Instead, Iridium is a consortium of US origin based on a constellation of 66 satellites that, revolving in a low orbit about 800 km from the ground, provide a strong enough signal to be received from slightly larger and heavier terminals than ordinary mobile phones. It is the only system with actual global coverage. The big advantage of Iridium is also that satellites do not only communicate with earth stations, but are also able to exchange signals between them. It ensures vocal communication, data and fax with a 2400 bps speed. It also provides a series of messaging services such as the voice and text mail with a personal mailbox. The terminals are a little bigger than a phone, but they often have a foldable antenna of considerable size.

Globalstar is based on a network of satellites in low orbit that that allows using portable terminals. The system allows considerable savings since, thanks to the roaming agreements carried out by the consortium in recent years, in the presence of gsm coverage (therefore in the harbour zones and in proximity of the coasts) the terminal behaves like a common mobile phone, without even the need to extract the bulky satellite antenna. Satellite coverage is wide between 70% N and S but not global.

The areas that give the most coverage problems are Africa, India and most of the Indian Ocean, together with all of South Asia, including Southeast Asia. There is a blackout zone that includes almost all of Central America. Australia is well serviced as long as you do not stray too far from the coasts. New Zealand is almost entirely covered, as is northern Japan.

Thuraya is a satellite phone system that uses a geostationary satellite able to provide coverage over 40% of the Earth’s surface: including Europe, the Middle East, India and part of the Indian Ocean, Central Asia and North-Central Africa. The system is improving and expanding. The terminal is the size of a common Gsm able to make calls in presence of the network. In the absence of cover Gsm, you can activate the satellite network by extracting the dedicated antenna to improve reception.

Emsat (European Mobile Satellite Phone) is a mobile system for satellite communication and it covers the all of Mediterranean area and central and northern Europe. It uses the satellite Italsat F2 designed by Esa (European Space Agency) and the earth station Telespazio, which provides interconnection with the common telephone network. The operating frequency is in L-band (1.5-1.6 Ghz). The terminals consist in a central unit, a mobile phone and an antenna. Emsat provides voice (4,8 kbps digital), fax (2 kbps group 3), data (2,4 kbps). Therefore, in addition to phone calls, it allows to use an e-mail box as long as you do not send too “heavy” files.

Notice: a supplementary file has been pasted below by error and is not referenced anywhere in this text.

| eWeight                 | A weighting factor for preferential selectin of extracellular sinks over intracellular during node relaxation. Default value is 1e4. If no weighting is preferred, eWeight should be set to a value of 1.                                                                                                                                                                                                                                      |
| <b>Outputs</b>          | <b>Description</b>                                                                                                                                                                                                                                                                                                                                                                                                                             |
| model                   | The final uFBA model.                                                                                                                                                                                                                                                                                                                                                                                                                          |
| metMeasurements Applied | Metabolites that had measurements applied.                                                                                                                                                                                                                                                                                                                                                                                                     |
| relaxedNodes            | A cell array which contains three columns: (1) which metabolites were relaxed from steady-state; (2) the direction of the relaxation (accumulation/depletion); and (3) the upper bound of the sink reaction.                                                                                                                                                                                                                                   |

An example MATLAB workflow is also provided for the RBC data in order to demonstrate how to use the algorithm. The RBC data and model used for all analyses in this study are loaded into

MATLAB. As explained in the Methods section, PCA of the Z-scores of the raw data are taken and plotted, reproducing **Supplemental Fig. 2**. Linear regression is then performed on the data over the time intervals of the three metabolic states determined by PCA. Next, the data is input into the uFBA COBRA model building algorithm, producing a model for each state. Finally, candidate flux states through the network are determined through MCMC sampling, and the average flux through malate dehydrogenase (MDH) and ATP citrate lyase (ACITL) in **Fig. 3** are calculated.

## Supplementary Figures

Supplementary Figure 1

You should take in consideration the cost for any satcom client. That is why the experts recommend calibrating and designing very well the combination of on-board equipment and net. A 1 m antenna is the optimal size, since the bandwidth cost is lower at the same speed than a 60 or 70cm antenna. It is more expensive for data transmission providers to send signals to smaller antennas; in other words, we can say that ship-owners are wise when they choose the biggest antenna that they can install on their yacht.

Geography is the last point to make. Years ago, while ships sailed all around the world, the crew had to replace the radio frequency component module of each antenna, so that the system could use regional systems. Those days, luckily, are behind us.

Nowadays an antenna works all around the world without changes, and the satellite systems are enabled for GPS and they know which satellite to track. Latitude, however, is still an obstacle. Since satellite communications are inline and since geostationary satellites are located above the equator, yachts that sail in high latitude zones have to point their antennas towards the extreme southern horizon.

In certain conditions a blockage may occur caused by simple physical “coverage”, such as a cruise ship, which might block the signal. For this reason, many yachts have double antennas for satellite communications. If one is blocked, the other one is still online. 

Overall, and here we come to the sore side: to equip a yacht as a floating office the costs are not trivial and they depend on the complexity of the system you have chosen and on real needs and communication volumes. But, let’s say it, the possibility to work from the boat is priceless.

Fair wind, see you at sea.

Renzo Crovo